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How I taught autistic students and transformed my own life

How I taught autistic students and transformed my own life

Tuesday January 22, 2019,

10 min Read

My journey with AIESEC started when I came to know about it through a senior. I joined AIESEC and chose to volunteer abroad as a “Global Volunteer”. I had to put forth all my details, CV, and preferable dates for the internship in the opportunity portal. This is a portal through which one registers and which shows different available projects in different countries that one can opt for. I applied for 3 projects in four different countries viz. Vietnam, Turkey, Romania, and China. I got calls from each of these project managers and specific date and time were decided for interviews. The interviews lasted for 1 hour each and, to my surprise, got selected in all of them except Romania. I chose to intern in Beijing, China.

The interview for China project:

I had learnt some basic Chinese words to impress the interviewer, and so I greeted her in Chinese. I was asked about my strengths and weaknesses, the reasons for choosing that particular project, my knowledge about Chinese custom and traditions, previous volunteering experiences, etc. I was also asked if I had ever been a leader before, and was asked to explain how I would react if there were some problems in my team and if I was not on the same page as some of my teammates.

In general, the interview is quite simple where they just try to test your leadership quality and assess your communication skills. After I chose Beijing under the local committee of AIESEC, RUC (Renmin University community), it was followed by a preparation period which included the introduction to the project, learning specific Chinese phrases and words, and other interviews for accommodation, visa preparation, etc. After this period ended, we (the interns selected for this specific project – Mariana from Russia, Dadai from Australia, and the team leaders Vickey and Brenda from China) had to do a pre-project work on researching on certain aspects of the project. Online classes were scheduled to deal and understand the cultural difference and the work atmosphere in China.

The name of my project was Starlight. My work was divided into two major parts- the first was dealing with autistic children from Wucailu school of autistic children and helping in the Rong Ai Rong Le family support centre with intellectual disability (which focuses on helping families to educate autistic children after school). The second part was teaching and interacting with children from 5th and 6th class of Hua Ao elementary school.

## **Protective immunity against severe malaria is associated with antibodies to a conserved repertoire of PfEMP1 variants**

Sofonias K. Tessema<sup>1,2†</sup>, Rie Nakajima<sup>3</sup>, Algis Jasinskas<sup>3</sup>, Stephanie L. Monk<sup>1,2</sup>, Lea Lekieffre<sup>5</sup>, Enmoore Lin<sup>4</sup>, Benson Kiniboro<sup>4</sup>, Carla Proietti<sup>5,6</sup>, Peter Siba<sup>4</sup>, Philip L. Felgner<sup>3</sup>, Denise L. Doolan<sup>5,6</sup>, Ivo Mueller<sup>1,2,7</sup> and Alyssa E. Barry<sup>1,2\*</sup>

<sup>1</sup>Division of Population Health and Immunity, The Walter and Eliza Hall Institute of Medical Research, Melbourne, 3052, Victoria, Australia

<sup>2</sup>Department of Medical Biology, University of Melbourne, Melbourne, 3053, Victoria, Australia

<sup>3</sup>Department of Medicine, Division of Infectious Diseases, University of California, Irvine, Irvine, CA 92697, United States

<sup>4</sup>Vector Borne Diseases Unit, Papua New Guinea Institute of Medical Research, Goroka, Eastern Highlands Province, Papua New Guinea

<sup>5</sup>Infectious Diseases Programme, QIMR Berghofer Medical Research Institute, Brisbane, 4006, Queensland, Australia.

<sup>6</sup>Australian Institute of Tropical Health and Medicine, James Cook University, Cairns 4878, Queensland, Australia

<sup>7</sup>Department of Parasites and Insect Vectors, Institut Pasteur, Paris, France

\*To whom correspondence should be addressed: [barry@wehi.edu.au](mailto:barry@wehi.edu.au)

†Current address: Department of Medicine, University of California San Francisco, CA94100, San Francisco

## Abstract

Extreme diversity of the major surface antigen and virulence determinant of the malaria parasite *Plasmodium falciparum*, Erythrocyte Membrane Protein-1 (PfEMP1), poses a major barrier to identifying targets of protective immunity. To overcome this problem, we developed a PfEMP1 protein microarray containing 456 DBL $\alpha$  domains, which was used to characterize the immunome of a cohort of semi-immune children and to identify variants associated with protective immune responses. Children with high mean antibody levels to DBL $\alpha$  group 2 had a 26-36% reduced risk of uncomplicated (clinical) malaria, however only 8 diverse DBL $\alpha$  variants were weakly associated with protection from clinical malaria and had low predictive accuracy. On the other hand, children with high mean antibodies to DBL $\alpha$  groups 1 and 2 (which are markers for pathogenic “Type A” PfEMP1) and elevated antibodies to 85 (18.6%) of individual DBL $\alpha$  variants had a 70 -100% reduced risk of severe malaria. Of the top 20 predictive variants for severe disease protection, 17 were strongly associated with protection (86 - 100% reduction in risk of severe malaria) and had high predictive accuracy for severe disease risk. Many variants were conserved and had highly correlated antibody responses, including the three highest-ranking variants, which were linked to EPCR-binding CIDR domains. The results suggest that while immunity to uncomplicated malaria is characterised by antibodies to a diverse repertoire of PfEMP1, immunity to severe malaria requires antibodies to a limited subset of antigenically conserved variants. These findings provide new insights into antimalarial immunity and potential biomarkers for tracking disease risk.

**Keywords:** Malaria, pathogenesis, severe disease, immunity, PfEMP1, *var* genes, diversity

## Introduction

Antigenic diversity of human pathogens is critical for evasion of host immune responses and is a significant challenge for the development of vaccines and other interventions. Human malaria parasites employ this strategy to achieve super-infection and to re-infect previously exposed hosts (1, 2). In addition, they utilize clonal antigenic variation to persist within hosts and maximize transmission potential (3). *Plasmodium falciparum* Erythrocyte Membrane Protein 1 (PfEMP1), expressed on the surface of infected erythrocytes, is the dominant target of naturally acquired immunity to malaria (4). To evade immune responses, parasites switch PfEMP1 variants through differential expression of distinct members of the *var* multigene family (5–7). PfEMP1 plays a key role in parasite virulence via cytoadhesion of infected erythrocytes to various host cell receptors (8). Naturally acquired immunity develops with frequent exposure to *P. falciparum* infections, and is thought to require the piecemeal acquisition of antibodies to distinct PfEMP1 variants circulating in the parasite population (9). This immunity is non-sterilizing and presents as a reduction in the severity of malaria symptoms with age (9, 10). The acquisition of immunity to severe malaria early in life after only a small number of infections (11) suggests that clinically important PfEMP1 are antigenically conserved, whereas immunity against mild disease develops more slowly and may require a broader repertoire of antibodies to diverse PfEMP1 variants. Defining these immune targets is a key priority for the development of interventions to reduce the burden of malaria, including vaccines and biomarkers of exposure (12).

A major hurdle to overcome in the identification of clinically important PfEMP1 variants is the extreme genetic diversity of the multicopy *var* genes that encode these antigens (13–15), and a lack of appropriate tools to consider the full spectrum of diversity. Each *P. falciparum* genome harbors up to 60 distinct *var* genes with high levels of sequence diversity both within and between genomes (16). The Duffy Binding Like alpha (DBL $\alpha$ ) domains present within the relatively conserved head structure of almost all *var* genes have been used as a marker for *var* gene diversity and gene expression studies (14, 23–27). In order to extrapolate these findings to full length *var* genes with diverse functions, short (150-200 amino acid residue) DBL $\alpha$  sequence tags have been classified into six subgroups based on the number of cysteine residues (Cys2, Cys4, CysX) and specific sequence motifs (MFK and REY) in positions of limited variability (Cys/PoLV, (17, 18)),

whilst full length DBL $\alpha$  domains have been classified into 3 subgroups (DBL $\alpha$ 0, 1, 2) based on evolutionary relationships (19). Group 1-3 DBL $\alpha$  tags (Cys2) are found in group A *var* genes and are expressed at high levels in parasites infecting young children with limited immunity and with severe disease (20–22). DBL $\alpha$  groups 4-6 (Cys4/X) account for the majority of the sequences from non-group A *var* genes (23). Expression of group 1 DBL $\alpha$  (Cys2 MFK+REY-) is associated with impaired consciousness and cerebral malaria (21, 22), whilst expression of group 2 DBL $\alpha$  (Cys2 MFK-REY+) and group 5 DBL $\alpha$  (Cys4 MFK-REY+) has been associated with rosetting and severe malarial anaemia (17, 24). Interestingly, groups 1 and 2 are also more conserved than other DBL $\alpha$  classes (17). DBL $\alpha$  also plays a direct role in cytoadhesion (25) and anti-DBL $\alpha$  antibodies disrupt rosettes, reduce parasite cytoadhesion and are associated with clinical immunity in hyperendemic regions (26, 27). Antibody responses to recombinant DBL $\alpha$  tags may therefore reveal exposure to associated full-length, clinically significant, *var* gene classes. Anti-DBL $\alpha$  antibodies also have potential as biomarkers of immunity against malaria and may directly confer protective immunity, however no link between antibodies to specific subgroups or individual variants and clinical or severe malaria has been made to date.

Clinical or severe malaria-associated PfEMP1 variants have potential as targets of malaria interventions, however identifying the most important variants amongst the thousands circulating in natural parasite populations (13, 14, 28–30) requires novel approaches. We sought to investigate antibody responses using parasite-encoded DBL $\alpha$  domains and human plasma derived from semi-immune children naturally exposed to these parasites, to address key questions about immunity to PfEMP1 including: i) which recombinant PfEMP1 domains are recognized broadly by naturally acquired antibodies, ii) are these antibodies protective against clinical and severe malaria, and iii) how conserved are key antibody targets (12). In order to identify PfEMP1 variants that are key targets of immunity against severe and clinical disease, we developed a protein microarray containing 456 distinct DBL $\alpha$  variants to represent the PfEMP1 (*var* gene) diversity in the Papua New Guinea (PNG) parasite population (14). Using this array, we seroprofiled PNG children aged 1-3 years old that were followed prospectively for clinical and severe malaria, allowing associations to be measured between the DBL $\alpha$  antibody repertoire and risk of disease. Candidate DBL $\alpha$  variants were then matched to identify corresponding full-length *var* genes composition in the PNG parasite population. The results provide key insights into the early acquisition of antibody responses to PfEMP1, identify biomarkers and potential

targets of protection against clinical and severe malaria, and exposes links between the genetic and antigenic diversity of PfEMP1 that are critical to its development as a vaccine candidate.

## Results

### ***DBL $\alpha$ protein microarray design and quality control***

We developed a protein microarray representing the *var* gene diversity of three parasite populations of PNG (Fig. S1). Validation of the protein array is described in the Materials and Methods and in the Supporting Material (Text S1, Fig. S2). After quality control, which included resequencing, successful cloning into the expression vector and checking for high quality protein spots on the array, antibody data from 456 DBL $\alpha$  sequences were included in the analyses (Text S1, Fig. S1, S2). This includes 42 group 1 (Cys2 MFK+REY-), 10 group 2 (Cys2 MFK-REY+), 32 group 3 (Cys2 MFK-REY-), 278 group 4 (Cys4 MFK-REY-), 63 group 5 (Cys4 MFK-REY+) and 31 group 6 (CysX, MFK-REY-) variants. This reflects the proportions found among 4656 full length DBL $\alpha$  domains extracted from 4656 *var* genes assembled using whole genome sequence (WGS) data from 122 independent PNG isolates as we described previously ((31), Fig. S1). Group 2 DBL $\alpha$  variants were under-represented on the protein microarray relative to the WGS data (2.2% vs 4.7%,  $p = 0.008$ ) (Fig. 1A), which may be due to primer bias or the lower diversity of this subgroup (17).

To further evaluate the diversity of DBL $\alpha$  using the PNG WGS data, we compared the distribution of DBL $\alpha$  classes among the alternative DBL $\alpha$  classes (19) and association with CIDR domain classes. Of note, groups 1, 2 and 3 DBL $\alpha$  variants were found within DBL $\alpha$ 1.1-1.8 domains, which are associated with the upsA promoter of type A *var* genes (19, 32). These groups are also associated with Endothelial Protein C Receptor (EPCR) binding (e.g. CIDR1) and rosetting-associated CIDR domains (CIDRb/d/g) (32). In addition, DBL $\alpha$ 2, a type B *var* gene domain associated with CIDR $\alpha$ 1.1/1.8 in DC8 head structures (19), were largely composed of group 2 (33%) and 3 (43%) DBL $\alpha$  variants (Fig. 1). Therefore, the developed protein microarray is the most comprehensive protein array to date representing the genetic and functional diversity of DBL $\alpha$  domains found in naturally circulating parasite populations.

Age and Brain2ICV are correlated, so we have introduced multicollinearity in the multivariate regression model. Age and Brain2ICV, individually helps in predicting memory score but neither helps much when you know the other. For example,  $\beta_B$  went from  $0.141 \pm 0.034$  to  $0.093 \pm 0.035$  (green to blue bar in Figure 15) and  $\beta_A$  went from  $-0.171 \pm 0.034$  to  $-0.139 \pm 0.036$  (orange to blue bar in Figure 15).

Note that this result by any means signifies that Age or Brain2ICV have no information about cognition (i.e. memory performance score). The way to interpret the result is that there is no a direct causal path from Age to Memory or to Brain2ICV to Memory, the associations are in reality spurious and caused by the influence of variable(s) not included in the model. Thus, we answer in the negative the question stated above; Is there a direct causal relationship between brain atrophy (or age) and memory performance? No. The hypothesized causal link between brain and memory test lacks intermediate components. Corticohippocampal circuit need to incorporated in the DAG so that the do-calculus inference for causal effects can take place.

Part 1:

Dealing with autistic kids was a herculean task. In the beginning, I took special classes for learning how to deal with them, control them, and reciprocate to them. I worked as English language teacher, and now I take pride in stating that after two months of classes with my colleagues, my autistic students learned to write small sentences! In China, every person has a Chinese name and an English name, like the proper name and nickname concept in India. Here, the English name acts like a nickname and is given by every child’s first English teacher! Yes, you heard that right. The concept goes something like this – the child’s first English teacher writes a few names on the board during initial classes and spells it repeatedly. Slowly, one child gets attracted to a particular name and repeats after the teacher and in turn, receives the name! I was very lucky to be the first English teacher of many students and in turn got the responsibility (and honour) of providing their English names which they would carry all their life.

I used to take classes on Monday, Wednesday, and Saturday from 10:00 am to 3:00 pm. In the pre-project work given before coming to China, we had to prepare a reference syllabus according to the school’s syllabus – how we would teach them and who would teach which subject. So, as per the decided syllabus and schedule, we started our work with great enthusiasm. Giving the English names in the first 2 classes was followed by lessons on alphabets and numbers, then a bit of grammar was introduced. The spelling tests came, and the process ended up with them writing small sentences. The Saturday classes were different as we used to go to the Olympic forest with the children and run 10 km with them in the early morning in temperature below zero degrees. After a 1-hr rest, we started our research work with 2 to 4 children that we were assigned – we had to observe them and interact with them casually. From repeating every word 10-12 times in the same tone so that they can process it and giving high-fives for increasing their enthusiasm, to giving gentle knocks on their forehead when they acted stubborn and unruly, I had to do it all – thanks to the training that I received initially. Interacting with them was an eye-opening experience and I learned a lot of new things.

Part 2:

This was focused on teaching the migrant children living in poor conditions and studying at Hua Ao elementary school, for 6 weeks. I had taken the responsibility of teaching them the basics of human rights and political science. I informed them about international affairs like world wars and their causes. I also asked them to write about what they thought would happen if there was a third world war. They came up with great essays but I would always remember the answer of one boy. To quote a line from his essay: “..if a third world war happens then they will ask me to go as they asked my dad. But ma’am I do not want to die like my father did. My mother cried a lot and I cannot leave her alone like my dad did.” Probably this boy was the son of a Chinese soldier who had died in the line of duty.